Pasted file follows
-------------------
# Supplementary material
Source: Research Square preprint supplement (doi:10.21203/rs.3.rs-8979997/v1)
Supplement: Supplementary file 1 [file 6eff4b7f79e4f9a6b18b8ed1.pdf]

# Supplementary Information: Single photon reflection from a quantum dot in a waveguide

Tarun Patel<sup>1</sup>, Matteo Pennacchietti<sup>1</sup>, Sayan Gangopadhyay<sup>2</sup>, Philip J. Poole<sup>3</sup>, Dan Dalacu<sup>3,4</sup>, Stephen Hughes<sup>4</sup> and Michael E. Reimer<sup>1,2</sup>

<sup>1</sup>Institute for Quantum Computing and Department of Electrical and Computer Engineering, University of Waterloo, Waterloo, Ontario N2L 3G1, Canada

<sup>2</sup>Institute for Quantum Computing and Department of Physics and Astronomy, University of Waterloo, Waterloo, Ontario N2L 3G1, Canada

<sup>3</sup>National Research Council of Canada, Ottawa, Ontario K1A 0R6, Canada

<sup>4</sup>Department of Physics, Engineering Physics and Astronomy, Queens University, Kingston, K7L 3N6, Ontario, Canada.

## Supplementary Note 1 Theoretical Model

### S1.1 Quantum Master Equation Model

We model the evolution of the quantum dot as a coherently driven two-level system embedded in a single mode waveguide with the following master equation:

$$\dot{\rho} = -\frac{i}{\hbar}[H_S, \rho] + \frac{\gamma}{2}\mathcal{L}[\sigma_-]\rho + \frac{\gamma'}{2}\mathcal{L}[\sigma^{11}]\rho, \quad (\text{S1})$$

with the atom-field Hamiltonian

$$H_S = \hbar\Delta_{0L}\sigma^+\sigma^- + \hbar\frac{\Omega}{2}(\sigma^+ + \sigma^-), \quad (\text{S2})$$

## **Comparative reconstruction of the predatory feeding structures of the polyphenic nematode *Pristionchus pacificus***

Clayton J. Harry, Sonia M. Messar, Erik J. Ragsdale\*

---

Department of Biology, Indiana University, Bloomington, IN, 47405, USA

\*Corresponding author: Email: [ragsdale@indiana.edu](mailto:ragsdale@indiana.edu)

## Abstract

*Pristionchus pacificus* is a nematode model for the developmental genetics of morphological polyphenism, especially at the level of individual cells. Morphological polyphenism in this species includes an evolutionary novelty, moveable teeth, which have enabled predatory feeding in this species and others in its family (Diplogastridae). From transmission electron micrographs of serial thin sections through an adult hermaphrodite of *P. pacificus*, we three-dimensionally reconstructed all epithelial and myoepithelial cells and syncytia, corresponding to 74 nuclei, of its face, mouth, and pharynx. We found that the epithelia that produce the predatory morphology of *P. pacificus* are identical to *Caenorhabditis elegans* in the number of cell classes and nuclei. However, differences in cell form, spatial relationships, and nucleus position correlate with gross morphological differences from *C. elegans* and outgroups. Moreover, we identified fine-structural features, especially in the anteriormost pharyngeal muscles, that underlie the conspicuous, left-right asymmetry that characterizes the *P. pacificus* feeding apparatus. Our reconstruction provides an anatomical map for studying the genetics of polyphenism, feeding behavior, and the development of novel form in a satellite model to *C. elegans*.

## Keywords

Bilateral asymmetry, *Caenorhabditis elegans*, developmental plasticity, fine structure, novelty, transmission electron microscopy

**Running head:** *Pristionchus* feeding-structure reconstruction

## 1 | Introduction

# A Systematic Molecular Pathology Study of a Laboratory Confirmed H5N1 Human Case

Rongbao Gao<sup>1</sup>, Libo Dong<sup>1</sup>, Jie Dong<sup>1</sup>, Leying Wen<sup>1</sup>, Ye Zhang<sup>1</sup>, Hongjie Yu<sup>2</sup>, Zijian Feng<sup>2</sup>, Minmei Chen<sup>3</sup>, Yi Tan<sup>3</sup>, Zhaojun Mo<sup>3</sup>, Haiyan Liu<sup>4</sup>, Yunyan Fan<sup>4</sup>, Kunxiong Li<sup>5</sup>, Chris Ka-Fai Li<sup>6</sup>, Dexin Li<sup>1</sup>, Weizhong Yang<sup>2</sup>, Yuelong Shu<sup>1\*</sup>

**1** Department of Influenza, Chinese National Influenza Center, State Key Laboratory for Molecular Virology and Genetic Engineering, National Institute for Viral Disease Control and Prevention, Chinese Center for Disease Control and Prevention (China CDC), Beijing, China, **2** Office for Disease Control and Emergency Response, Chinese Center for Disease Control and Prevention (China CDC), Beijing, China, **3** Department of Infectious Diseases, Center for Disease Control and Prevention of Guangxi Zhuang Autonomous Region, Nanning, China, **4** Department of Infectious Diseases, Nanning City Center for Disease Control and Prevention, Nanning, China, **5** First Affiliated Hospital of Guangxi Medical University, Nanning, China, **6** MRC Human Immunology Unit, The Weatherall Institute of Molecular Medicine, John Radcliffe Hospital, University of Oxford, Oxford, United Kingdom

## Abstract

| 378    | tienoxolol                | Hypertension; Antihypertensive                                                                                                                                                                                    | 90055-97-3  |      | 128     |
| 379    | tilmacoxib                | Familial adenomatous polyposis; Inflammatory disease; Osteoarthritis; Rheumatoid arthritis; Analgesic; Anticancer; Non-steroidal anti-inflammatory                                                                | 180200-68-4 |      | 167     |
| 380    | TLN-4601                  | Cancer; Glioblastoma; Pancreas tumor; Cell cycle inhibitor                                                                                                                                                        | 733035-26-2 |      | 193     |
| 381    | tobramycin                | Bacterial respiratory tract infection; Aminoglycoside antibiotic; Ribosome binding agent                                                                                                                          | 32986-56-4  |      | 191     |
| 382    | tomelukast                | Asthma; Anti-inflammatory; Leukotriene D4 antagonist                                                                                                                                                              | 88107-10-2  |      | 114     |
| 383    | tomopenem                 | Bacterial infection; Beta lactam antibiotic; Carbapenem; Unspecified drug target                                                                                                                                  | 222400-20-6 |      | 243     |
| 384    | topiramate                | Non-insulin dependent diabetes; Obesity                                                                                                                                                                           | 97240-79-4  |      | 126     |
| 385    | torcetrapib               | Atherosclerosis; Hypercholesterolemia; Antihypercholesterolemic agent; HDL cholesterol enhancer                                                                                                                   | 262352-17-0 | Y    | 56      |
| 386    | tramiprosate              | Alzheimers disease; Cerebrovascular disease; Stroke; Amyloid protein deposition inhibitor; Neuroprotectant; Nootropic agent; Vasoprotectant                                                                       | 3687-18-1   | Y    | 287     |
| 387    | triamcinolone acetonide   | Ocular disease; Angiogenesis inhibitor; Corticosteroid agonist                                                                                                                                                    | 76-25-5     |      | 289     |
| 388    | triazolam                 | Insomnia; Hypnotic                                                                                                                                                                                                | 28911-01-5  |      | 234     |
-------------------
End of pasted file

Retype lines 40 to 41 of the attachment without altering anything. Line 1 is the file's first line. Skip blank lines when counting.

| 387    | triamcinolone acetonide   | Ocular disease; Angiogenesis inhibitor; Corticosteroid agonist                                                                                                                                                    | 76-25-5     |      | 289     |
| 388    | triazolam                 | Insomnia; Hypnotic                                                                                                                                                                                                | 28911-01-5  |      | 234     |